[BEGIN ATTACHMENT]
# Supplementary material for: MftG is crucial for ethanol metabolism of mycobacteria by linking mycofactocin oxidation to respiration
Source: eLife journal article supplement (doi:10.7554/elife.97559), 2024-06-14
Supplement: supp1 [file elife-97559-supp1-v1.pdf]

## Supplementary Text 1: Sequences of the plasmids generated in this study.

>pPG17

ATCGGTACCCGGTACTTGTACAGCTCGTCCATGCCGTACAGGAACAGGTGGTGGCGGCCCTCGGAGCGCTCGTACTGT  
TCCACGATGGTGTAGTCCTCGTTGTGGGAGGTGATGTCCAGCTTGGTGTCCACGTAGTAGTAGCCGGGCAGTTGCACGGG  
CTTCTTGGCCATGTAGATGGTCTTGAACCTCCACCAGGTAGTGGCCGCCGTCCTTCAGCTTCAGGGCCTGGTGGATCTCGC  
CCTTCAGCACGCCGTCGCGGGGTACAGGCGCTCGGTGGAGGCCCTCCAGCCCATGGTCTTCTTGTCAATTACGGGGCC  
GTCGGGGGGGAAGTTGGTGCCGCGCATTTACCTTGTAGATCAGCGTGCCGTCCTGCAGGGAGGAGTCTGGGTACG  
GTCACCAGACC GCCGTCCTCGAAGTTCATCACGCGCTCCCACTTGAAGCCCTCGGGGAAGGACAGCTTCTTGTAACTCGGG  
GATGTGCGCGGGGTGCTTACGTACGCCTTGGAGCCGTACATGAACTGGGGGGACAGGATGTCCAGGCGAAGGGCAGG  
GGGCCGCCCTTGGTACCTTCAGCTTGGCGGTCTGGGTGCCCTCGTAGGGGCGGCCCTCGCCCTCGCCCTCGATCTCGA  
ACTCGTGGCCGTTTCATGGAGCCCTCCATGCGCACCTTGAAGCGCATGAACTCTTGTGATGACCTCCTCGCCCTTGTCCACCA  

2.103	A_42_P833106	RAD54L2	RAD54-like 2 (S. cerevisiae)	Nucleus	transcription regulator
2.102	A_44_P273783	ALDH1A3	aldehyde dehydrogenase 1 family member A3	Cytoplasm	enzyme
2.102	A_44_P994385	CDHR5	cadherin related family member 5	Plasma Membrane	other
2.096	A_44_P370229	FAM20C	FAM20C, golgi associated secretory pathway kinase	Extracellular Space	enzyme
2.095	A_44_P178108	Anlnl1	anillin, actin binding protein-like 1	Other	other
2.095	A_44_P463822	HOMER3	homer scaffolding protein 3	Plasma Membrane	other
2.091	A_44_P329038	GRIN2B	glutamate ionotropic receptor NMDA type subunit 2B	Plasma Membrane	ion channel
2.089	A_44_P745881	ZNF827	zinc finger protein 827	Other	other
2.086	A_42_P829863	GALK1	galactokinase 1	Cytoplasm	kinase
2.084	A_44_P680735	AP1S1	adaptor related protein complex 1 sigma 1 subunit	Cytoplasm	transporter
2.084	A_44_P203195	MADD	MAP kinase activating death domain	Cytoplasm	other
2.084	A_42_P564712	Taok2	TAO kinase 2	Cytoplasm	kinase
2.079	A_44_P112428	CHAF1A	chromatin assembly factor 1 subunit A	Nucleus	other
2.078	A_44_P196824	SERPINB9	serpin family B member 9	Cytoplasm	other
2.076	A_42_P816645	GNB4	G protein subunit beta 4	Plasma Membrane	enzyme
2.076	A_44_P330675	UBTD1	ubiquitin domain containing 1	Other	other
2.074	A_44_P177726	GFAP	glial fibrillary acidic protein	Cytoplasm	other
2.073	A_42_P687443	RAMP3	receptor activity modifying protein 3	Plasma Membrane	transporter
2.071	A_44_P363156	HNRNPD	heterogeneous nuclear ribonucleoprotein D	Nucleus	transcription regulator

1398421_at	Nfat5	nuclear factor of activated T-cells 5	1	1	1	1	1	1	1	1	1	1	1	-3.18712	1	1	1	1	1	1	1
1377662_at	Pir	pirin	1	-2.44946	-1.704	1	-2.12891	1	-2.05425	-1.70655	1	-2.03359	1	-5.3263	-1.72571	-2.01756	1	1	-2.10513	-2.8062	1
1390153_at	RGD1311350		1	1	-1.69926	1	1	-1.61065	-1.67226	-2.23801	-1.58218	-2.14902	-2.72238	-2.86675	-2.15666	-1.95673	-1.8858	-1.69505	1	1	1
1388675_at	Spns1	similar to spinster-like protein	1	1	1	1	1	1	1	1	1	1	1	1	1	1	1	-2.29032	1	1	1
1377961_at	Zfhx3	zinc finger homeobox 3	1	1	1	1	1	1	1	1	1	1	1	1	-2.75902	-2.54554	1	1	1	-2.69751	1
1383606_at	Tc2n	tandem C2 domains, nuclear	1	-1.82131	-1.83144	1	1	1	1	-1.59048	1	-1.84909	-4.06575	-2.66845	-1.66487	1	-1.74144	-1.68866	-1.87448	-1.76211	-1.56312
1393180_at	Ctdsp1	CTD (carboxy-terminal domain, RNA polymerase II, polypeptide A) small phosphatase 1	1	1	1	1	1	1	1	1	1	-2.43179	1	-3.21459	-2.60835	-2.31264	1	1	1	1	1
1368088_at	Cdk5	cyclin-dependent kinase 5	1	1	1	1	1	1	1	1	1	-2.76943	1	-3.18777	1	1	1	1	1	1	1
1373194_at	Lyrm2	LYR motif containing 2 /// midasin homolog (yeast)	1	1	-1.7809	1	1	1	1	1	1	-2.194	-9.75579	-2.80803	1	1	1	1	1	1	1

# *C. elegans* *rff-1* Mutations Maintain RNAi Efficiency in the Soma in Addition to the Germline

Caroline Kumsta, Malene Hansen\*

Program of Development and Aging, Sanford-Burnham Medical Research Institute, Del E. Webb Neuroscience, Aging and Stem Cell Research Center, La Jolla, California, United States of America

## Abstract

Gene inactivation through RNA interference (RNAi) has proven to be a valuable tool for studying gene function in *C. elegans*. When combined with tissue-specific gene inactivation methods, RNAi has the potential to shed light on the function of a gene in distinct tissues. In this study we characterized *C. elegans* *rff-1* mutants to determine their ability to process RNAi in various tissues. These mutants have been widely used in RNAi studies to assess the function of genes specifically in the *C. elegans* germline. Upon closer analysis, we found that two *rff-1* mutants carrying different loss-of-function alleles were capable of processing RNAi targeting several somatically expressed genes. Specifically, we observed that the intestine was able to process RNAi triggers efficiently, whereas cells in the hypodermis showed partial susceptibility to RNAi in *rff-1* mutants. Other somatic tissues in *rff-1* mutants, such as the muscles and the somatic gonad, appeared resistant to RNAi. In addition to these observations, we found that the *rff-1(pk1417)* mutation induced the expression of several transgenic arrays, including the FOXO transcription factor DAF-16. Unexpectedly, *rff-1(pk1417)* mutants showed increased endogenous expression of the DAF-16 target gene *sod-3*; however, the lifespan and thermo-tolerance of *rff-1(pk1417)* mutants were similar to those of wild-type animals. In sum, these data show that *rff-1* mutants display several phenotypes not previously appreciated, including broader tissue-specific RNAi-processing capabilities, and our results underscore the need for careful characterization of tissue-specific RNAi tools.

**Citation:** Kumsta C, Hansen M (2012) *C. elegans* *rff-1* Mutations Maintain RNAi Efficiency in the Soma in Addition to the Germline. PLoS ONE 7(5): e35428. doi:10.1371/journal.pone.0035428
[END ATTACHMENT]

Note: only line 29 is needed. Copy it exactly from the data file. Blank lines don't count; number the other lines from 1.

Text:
2.076	A_42_P816645	GNB4	G protein subunit beta 4	Plasma Membrane	enzyme